Forty years ago today, when African-Americans were referred to as "Negro" in newsprint and "black" or "colored" in conversation, a civil-rights champion from Baltimore was sworn in as the first nonwhite justice on the highest court in the land.
"Thurgood Marshall, the first Negro to serve on the Supreme Court, took his seat today as the court convened for a new term," reported a front-page Associated Press story in The Evening Sun and other newspapers across the country. The moment was a key one in the nation's civil-rights timeline, alongside such events as Rosa Parks' defiance on a transit bus and the Rev. Martin Luther King Jr.-led march from Selma, Ala., to Montgomery, Ala.
As the South still struggled with its Jim Crow past, and the nation as a whole grappled with racial, class and ideological strife, Marshall joined the court where he had won the landmark 1954 Brown vs. the Board of Education case that ended segregation in public schools.
"I remember people calling me up that day just to say that this great thing had happened," said Roger Wilkins, a former assistant U.S. attorney general who served as an intern under Marshall at the NAACP Legal Defense Fund.
Marshall's eldest son, Thurgood Marshall Jr., now a 51-year-old attorney in Washington, has hazy memories about that whirlwind day as an 11-year-old. He and his 9-year-old brother John missed class at Georgetown Day School for the swearing-in ceremony.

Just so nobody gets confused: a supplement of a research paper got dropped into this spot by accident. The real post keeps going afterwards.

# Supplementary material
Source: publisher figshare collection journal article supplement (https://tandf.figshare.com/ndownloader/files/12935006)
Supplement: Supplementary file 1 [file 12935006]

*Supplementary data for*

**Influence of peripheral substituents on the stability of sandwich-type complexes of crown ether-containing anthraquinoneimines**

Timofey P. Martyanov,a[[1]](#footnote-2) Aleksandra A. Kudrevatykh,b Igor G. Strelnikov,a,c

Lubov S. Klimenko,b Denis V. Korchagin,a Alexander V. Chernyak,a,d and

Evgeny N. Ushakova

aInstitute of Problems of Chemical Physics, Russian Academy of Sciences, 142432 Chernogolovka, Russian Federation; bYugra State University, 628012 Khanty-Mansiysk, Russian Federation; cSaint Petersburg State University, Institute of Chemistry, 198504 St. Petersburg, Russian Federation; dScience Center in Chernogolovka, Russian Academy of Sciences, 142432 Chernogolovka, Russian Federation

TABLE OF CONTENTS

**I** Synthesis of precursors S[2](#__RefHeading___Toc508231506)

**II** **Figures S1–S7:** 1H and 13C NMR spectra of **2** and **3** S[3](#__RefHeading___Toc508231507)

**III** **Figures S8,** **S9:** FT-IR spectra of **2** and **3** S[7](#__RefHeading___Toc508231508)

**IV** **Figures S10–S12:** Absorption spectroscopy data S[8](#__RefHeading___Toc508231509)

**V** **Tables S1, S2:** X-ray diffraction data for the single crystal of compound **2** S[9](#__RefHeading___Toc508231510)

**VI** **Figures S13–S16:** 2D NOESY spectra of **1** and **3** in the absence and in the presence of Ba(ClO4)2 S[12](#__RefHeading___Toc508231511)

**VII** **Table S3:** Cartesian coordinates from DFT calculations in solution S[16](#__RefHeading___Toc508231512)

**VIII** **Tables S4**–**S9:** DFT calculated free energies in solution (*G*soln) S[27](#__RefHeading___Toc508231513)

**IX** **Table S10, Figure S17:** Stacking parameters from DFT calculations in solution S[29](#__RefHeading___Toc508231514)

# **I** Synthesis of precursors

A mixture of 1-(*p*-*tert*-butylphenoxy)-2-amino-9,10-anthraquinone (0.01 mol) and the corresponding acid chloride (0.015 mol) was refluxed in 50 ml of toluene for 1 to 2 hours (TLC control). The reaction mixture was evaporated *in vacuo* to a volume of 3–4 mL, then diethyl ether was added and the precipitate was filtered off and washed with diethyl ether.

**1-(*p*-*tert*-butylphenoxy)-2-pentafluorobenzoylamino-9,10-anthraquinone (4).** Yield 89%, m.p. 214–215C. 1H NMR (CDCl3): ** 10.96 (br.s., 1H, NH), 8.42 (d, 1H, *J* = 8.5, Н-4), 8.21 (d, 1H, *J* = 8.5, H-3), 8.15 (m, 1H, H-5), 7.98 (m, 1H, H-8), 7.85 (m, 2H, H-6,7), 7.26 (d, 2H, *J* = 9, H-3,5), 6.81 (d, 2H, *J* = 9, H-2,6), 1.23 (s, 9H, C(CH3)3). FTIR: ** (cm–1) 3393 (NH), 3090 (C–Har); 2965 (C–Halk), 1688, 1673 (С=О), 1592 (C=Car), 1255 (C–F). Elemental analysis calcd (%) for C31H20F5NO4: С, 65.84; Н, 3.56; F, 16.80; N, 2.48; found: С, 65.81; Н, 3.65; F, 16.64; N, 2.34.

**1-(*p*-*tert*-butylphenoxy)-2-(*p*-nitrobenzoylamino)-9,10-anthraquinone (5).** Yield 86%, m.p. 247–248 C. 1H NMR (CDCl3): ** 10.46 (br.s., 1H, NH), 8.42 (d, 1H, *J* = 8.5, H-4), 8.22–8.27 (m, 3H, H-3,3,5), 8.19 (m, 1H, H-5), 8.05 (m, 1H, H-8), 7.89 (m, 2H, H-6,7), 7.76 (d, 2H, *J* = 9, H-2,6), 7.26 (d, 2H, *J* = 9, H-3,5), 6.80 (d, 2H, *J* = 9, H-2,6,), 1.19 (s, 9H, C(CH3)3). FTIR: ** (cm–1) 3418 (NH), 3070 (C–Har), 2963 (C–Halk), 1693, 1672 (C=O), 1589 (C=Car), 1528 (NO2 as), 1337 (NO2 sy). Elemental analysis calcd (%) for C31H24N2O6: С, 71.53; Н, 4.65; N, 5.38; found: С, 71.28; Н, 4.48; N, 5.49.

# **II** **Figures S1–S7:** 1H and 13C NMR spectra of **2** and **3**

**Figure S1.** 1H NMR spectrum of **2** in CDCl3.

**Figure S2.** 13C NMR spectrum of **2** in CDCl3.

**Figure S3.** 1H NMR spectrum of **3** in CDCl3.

Marshall's wife, Cecilia, known as Cissy, wore a green suit with a leopard collar, and was photographed helping Marshall slip into his judicial robe just before the ceremony. President Lyndon B. Johnson, who had announced the appointment in July, was in attendance, as were Marshall's brother Aubrey of Wilmington, Del., and Cecilia's sister Sally Acoba from Honolulu.
When on Oct. 2, 1967, Marshall took the judicial oath, as do all U.S. justices and judges, it was his second swearing-in ceremony. A month earlier, on Sept. 1, he took the constitutional oath, an affirmation to support and defend the Constitution. That was two days after his Senate confirmation.
Marshall would spend the next 24 years on the court, authoring opinions that reflected his liberal voice and vote on not only civil- rights issues but on matters of individual rights and criminal procedure. He retired from the court in 1991, two years before his death at 84.